Alas, our social creature has only two store mannequins for company: the mockingly smiling Snodgrass and the elegantly aloof Betsy. Cold, emotionless, unresponsive, inanimate and quite dead relics from the cult of consumerism.

As the lights come on in Burton’s corner of the world, we see the watching woman turn to face a shop window behind which a small mechanical man goes through its pre-programmed routine and which seems to turn its head to briefly face her. What she wants, however is a man of flesh and blood for company and not just some mechanical mockery. 

Barton, obviously pleased with his achievements, notices his shadow being cast on a wall by the artificial lights. With a feeling of joie de vivre, he performs a bit of jig and pantomime as his shadow grows larger. It’s as if his body has been vaporized by an atomic blast leaving only a shadow-like representation of what he was on the wall. Despite the joy he feels, is there a kind of pathos involved here in the form of a symbolic representation of his fate should he be destined to live all alone? Will he in effect become little more than a shadow - a parody of his former self – a black man in a white man’s world but not seen as having substance as a man?

Burton decides to survey his little kingdom from on high - one single glimmer of hope amid the dark stony silence of a dead city. 

“I've laid around and played around this old town too long, And I feel like I gotta travel on”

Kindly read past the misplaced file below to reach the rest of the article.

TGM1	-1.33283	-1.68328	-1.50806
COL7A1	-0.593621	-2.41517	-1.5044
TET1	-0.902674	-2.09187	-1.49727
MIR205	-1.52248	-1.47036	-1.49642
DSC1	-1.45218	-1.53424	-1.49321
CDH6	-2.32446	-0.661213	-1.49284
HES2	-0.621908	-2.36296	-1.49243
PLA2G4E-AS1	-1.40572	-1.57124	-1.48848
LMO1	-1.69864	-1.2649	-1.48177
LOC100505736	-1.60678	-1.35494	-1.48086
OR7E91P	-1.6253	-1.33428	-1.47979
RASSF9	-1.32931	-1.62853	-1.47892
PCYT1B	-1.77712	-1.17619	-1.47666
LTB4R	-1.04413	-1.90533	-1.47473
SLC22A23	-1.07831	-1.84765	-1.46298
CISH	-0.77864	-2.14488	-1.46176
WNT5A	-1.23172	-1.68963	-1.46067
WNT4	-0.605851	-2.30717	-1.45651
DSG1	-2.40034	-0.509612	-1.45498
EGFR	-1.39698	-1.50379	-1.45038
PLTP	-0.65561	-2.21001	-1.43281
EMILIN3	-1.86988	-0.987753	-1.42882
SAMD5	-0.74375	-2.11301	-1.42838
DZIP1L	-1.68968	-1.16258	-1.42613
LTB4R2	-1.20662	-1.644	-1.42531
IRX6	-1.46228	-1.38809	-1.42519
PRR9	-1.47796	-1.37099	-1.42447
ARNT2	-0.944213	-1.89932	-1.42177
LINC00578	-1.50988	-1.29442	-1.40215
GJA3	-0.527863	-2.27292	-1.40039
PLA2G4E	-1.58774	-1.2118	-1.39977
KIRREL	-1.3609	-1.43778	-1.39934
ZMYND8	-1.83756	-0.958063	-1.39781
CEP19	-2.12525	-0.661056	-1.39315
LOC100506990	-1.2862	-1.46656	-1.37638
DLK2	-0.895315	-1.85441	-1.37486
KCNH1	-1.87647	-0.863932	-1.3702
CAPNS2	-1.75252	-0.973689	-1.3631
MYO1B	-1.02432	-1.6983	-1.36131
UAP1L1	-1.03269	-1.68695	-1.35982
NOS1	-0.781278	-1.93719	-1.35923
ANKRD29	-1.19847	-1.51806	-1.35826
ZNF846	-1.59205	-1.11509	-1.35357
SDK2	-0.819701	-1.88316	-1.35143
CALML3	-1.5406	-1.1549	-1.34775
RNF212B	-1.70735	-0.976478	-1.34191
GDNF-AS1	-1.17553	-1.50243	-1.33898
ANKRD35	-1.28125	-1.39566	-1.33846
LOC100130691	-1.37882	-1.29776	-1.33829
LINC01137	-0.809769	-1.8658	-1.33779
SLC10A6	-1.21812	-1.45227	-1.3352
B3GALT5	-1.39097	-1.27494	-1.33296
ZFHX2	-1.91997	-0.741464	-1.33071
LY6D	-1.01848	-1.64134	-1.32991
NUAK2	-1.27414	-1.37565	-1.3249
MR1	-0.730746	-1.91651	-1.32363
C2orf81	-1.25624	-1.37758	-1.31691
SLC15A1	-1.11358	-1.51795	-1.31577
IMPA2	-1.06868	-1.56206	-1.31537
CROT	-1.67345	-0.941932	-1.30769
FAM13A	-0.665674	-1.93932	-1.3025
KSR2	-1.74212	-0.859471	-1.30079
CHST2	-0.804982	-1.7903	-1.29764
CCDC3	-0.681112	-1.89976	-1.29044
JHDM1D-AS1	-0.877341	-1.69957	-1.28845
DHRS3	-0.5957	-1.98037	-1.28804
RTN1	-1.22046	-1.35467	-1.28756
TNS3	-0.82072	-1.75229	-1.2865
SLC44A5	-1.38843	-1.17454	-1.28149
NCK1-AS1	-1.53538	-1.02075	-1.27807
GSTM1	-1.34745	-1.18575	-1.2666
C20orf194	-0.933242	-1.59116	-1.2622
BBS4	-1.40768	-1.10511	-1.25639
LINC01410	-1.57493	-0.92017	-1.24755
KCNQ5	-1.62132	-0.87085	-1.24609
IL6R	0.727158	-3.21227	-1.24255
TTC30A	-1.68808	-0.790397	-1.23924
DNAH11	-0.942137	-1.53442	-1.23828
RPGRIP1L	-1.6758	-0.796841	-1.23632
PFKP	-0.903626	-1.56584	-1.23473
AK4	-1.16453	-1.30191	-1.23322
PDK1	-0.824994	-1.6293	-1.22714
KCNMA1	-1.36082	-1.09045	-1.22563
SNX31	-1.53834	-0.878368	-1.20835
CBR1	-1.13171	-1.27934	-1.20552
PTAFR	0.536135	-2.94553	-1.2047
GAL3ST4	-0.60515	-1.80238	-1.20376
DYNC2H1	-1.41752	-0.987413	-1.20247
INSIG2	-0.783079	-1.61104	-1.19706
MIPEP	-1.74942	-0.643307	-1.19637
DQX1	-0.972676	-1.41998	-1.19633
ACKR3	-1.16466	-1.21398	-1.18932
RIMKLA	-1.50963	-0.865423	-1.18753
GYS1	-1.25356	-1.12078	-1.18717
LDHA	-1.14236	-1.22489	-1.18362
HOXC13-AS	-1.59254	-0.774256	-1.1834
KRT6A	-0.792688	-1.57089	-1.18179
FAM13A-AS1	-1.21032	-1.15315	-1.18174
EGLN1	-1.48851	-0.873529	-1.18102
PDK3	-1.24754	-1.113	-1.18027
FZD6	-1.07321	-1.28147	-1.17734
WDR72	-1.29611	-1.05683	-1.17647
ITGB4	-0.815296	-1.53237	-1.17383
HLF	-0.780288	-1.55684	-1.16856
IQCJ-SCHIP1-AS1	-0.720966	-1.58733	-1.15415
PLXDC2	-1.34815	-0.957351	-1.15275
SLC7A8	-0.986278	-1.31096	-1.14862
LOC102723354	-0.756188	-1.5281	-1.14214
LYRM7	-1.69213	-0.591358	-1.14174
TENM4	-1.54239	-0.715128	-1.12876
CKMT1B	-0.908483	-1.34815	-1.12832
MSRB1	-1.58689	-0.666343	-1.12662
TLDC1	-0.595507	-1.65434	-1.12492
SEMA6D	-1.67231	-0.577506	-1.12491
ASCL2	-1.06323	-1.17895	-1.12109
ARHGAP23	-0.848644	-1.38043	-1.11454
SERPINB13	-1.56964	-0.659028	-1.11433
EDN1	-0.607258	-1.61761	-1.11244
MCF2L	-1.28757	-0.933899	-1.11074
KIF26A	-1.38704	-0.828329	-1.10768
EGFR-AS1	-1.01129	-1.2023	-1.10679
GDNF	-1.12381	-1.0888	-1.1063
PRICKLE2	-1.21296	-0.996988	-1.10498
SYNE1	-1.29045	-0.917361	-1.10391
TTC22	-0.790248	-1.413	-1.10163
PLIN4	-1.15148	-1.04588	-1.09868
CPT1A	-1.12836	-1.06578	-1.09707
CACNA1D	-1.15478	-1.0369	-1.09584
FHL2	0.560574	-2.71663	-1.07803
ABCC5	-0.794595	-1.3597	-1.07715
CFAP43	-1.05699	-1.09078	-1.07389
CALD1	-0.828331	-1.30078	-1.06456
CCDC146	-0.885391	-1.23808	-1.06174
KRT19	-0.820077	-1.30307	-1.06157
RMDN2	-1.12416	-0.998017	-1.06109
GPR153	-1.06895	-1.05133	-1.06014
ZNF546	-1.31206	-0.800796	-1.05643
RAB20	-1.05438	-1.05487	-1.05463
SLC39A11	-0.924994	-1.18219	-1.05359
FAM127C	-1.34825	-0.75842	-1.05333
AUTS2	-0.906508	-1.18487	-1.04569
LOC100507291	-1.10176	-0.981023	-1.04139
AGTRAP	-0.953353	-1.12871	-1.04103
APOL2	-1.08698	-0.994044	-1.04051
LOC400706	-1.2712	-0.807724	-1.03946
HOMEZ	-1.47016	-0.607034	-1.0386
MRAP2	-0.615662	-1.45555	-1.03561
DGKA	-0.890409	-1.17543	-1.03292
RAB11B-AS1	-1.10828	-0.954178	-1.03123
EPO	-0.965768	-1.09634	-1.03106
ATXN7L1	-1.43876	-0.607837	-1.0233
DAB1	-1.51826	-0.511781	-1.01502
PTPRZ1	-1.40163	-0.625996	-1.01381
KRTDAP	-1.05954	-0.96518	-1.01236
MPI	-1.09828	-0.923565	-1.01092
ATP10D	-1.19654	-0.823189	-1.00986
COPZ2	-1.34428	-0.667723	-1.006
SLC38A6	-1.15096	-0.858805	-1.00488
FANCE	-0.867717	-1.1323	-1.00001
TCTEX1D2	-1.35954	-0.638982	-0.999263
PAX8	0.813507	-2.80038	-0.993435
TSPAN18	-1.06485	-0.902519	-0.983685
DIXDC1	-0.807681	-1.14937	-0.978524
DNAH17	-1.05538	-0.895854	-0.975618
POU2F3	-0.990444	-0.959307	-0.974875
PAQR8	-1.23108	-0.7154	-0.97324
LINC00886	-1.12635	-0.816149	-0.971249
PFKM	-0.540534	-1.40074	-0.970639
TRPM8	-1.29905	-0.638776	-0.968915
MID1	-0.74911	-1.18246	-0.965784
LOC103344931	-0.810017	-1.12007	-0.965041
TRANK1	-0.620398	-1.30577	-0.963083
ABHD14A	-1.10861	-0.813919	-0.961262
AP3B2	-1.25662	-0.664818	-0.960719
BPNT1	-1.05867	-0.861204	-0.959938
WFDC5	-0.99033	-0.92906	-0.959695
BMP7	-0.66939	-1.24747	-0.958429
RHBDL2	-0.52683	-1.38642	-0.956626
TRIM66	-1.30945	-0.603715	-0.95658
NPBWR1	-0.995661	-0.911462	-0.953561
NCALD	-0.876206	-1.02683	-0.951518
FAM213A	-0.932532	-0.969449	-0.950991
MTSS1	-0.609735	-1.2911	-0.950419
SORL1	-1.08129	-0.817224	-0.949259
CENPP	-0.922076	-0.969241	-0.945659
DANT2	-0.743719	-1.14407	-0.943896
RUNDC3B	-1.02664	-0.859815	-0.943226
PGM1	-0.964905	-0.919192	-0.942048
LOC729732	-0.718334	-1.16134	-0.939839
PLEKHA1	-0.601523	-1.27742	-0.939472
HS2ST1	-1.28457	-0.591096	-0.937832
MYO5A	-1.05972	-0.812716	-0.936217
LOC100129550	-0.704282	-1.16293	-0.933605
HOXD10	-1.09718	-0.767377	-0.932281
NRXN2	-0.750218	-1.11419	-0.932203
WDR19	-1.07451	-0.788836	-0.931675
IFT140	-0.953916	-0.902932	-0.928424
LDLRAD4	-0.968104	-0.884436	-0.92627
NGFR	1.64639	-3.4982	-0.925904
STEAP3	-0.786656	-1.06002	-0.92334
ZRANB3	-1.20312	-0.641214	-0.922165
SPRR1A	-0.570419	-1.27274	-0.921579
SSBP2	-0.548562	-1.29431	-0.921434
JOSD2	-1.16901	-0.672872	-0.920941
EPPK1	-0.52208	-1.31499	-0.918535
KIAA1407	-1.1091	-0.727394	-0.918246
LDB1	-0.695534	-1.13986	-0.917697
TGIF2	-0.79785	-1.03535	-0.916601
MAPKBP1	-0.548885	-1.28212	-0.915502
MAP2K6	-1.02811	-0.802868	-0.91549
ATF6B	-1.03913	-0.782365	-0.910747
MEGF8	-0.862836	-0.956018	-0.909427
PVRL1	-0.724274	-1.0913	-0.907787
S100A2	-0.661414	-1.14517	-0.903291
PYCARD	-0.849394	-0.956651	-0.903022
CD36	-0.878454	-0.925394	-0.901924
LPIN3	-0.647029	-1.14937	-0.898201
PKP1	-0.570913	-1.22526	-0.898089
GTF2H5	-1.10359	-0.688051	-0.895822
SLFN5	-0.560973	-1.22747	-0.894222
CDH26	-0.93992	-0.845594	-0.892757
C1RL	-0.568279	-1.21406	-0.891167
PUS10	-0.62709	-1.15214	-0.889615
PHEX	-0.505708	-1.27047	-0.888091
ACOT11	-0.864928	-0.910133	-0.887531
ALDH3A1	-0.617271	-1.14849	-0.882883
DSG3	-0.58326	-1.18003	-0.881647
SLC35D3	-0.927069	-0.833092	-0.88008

With his train set set up and running in his apartment, our multi-talented hero strums a tune on his guitar and sings about the need to travel on, having been in this town too long. With only his two eternally frozen mannequins as his audience, Burton suddenly turns on the grinning Snodgrass and challenges it: “What’s so funny? I’m lonely and you’re laughin’...You don’t care, do you? No sadness, no feeling!” Expressing what many who are part of any marginalized minority group, Burton lashes out at Snodgrass by stating, “you look at me but you don’t see me!” before casting him out of the third storey window. 

Sunday April 9 

As Snodgrass crashes on to the pavement, the watching woman is close-by and screams in shock thinking that it must have been the man she had been observing for so long who had thrown himself out of the window in a desperate act of suicide. 

Her screams attract the attention of Burton and immediately brings the realization that he is no longer alone. One would expect that two such lonely and desperate people would fly towards each other in their craving for human contact like a couple of magnets. And yet their speech comes across like lines of written dialogue being read with caution and in a stilted manner. The watching woman even shies away from Burton as he physically draws closer to her which causes him to observe, “we’re probably the only two people in the world and all you can say is ‘don’t touch me.’” He follows this up with...”look I live here. Drop me a postcard some time.”

Is the woman responding to an acquired or learned fear of strange men and what could be on their minds in such a situation of being alone with a vulnerable woman? Or is it perhaps a socially learned taboo of a white girl being alone with a “coloured” man whose intentions are probably assumed to be evil.

After mutually deciding to start over again with proper introductions, Burton learns that the woman’s name is Sarah Crandall and that she had been in a decompression chamber with two others when disaster struck. The other two she was with left the chamber too early and had died.